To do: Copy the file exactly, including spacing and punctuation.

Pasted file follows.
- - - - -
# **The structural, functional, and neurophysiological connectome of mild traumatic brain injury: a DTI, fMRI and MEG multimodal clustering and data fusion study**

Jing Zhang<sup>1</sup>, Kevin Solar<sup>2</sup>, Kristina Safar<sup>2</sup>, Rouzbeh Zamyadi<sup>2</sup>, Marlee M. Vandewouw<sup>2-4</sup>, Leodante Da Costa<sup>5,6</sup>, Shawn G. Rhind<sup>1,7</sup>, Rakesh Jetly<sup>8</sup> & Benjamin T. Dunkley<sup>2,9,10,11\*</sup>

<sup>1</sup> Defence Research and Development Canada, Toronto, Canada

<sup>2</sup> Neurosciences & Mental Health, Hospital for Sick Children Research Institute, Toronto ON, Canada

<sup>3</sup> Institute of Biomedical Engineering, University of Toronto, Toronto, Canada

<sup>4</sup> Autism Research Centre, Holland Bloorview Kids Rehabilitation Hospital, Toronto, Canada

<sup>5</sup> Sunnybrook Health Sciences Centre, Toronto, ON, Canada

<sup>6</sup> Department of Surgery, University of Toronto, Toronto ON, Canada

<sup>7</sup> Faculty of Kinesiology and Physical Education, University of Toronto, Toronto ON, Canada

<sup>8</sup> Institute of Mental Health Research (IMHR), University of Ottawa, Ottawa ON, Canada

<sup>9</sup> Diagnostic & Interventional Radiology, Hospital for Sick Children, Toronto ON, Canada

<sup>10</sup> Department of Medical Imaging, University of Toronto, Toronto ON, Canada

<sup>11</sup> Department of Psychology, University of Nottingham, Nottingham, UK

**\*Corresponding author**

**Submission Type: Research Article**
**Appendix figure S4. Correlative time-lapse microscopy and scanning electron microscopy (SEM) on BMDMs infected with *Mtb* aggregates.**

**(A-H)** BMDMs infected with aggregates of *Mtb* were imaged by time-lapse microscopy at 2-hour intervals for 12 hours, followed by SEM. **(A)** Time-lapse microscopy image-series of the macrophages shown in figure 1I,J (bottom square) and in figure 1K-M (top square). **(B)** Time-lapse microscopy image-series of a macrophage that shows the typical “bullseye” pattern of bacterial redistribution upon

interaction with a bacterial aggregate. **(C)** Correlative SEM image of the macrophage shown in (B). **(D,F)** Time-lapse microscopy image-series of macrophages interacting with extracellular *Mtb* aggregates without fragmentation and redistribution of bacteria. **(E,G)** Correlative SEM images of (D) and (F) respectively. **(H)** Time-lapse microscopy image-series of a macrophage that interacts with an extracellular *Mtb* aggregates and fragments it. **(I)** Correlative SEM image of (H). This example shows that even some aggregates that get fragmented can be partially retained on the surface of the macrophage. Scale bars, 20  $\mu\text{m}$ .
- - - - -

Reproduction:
# **The structural, functional, and neurophysiological connectome of mild traumatic brain injury: a DTI, fMRI and MEG multimodal clustering and data fusion study**

Jing Zhang<sup>1</sup>, Kevin Solar<sup>2</sup>, Kristina Safar<sup>2</sup>, Rouzbeh Zamyadi<sup>2</sup>, Marlee M. Vandewouw<sup>2-4</sup>, Leodante Da Costa<sup>5,6</sup>, Shawn G. Rhind<sup>1,7</sup>, Rakesh Jetly<sup>8</sup> & Benjamin T. Dunkley<sup>2,9,10,11\*</sup>

<sup>1</sup> Defence Research and Development Canada, Toronto, Canada

<sup>2</sup> Neurosciences & Mental Health, Hospital for Sick Children Research Institute, Toronto ON, Canada

<sup>3</sup> Institute of Biomedical Engineering, University of Toronto, Toronto, Canada

<sup>4</sup> Autism Research Centre, Holland Bloorview Kids Rehabilitation Hospital, Toronto, Canada

<sup>5</sup> Sunnybrook Health Sciences Centre, Toronto, ON, Canada

<sup>6</sup> Department of Surgery, University of Toronto, Toronto ON, Canada

<sup>7</sup> Faculty of Kinesiology and Physical Education, University of Toronto, Toronto ON, Canada

<sup>8</sup> Institute of Mental Health Research (IMHR), University of Ottawa, Ottawa ON, Canada

<sup>9</sup> Diagnostic & Interventional Radiology, Hospital for Sick Children, Toronto ON, Canada

<sup>10</sup> Department of Medical Imaging, University of Toronto, Toronto ON, Canada

<sup>11</sup> Department of Psychology, University of Nottingham, Nottingham, UK

**\*Corresponding author**

**Submission Type: Research Article**
**Appendix figure S4. Correlative time-lapse microscopy and scanning electron microscopy (SEM) on BMDMs infected with *Mtb* aggregates.**

**(A-H)** BMDMs infected with aggregates of *Mtb* were imaged by time-lapse microscopy at 2-hour intervals for 12 hours, followed by SEM. **(A)** Time-lapse microscopy image-series of the macrophages shown in figure 1I,J (bottom square) and in figure 1K-M (top square). **(B)** Time-lapse microscopy image-series of a macrophage that shows the typical “bullseye” pattern of bacterial redistribution upon

interaction with a bacterial aggregate. **(C)** Correlative SEM image of the macrophage shown in (B). **(D,F)** Time-lapse microscopy image-series of macrophages interacting with extracellular *Mtb* aggregates without fragmentation and redistribution of bacteria. **(E,G)** Correlative SEM images of (D) and (F) respectively. **(H)** Time-lapse microscopy image-series of a macrophage that interacts with an extracellular *Mtb* aggregates and fragments it. **(I)** Correlative SEM image of (H). This example shows that even some aggregates that get fragmented can be partially retained on the surface of the macrophage. Scale bars, 20  $\mu\text{m}$ .